After fracture stimulation, production often rises slowly, instead of showing an early transient. This indicates either severe reduction in fracture conductivity or reservoir damage. There is still no agreement in the industry about the most important damage mechanisms. Work done by Pratts and Holditch in the 1970’s showed that fracture face damage from filtrate invasion is unimportant, unless there is permeability damage in the invaded zone of at least 99%. New ideas have been proposed which may better explain the behavior commonly seen in actual production data. These ideas include relative permeability with water and gas both immobile at a given saturation ("permeability jail"), small scale reservoir heterogeneity and stress sensitive matrix permeability at high drawdown.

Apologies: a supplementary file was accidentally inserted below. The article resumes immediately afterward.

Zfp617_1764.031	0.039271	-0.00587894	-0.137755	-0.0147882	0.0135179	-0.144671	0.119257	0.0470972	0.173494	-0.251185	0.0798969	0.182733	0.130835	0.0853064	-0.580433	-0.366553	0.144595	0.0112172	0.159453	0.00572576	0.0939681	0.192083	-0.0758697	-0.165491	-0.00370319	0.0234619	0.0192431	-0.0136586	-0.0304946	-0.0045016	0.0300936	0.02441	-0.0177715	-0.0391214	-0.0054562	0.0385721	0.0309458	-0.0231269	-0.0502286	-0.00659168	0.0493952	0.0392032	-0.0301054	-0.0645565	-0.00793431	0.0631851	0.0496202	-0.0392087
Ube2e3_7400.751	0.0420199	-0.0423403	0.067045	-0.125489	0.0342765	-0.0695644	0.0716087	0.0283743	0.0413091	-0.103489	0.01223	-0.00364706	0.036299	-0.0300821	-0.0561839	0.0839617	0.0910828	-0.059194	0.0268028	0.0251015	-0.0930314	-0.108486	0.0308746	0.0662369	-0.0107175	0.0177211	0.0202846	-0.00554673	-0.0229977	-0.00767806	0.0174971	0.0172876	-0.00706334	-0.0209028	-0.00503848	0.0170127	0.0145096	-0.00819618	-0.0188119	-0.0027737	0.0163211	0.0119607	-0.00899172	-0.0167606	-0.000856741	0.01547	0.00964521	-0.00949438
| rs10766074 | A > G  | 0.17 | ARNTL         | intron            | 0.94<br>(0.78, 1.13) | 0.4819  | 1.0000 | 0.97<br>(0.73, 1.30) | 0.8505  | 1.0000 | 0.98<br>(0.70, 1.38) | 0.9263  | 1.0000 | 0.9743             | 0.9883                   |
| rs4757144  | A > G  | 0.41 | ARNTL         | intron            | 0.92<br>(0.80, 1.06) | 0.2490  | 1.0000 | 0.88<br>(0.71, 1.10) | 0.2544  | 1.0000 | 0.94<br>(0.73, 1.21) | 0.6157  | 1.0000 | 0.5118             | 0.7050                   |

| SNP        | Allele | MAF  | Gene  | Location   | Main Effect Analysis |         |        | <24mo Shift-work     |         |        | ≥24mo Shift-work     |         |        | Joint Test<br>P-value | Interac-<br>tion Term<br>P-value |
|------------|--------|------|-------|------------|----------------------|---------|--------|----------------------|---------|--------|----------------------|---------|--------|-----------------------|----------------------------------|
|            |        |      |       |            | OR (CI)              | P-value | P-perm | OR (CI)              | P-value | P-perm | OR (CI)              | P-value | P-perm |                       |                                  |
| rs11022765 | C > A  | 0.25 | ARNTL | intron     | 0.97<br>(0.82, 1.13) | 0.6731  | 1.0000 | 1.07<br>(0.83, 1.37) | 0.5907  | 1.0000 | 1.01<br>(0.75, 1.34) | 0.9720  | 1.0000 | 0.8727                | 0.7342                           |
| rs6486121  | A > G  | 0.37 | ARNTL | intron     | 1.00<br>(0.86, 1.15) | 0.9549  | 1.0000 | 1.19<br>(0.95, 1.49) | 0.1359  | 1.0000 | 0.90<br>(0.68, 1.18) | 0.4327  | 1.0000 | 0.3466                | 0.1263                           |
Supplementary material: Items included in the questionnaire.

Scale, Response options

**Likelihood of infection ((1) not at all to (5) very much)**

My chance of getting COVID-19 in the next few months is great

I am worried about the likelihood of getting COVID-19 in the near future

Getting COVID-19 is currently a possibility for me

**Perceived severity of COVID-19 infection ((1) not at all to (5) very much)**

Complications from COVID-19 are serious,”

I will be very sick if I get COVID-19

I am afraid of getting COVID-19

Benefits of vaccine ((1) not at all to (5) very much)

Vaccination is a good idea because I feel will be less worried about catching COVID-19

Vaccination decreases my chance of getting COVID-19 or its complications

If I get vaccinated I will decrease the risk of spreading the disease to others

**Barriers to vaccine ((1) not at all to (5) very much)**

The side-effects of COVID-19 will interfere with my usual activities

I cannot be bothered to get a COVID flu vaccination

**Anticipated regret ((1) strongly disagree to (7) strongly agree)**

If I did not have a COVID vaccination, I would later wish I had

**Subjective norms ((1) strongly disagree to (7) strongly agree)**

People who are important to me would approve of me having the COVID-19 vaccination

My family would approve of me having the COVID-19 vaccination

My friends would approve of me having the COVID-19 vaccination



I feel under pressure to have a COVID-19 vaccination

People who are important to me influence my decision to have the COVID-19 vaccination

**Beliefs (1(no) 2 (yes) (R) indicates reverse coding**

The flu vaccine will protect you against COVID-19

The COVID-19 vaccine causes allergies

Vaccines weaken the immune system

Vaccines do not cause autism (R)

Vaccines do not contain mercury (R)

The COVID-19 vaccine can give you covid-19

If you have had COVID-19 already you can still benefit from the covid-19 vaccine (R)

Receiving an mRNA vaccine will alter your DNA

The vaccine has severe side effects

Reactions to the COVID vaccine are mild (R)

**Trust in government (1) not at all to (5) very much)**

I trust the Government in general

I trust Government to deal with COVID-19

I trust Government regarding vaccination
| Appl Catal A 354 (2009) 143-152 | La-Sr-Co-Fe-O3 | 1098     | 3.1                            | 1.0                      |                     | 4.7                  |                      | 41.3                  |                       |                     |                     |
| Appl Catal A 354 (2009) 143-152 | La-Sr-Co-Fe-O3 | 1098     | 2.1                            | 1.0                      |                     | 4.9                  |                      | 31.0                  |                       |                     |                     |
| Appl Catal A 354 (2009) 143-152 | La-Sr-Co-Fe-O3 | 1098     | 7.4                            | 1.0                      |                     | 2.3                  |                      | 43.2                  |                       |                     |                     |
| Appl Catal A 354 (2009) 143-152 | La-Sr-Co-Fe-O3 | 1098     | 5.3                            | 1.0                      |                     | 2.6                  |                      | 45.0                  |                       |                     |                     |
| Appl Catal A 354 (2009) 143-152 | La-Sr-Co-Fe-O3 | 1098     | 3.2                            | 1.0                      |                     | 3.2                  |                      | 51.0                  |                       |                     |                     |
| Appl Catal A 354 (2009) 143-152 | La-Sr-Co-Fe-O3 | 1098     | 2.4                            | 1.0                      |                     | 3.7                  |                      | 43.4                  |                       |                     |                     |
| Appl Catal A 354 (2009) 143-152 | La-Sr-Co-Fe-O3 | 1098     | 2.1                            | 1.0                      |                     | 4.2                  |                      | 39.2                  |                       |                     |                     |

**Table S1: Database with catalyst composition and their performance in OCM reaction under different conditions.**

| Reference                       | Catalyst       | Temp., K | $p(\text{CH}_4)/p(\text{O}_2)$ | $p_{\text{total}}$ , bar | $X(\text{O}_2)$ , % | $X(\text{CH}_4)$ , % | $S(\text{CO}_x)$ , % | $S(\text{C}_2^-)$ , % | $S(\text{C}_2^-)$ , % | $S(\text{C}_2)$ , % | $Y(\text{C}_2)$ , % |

Experience from the field has been contradictory. Sometimes no water is produced back, but gas production does not appear to suffer. In other cases, gas rate is significantly lower than expected, but significant fracture fluid is recovered. With the inherent coupling of fracture length and permeability in welltest interpretation, and the practical impossibility of achieving radial flow in tight-gas reservoirs with large fracture lengths, it has been difficult to prove any theory about the cause of poor performance from tight-gas fracture treatments. This paper shows simulation results of these effects on post-fracture production from an unconventional (0.001 mD) gas well. Furthermore, realistic assumptions about proppant pack cleanup show a connection not only between poor cleanup and short effective fracture length, but also reduction in contacted kh and connected reservoir volume. New reservoir simulation results are presented showing 50% reduction of production in the first years due to these effects in unconventional reservoirs.

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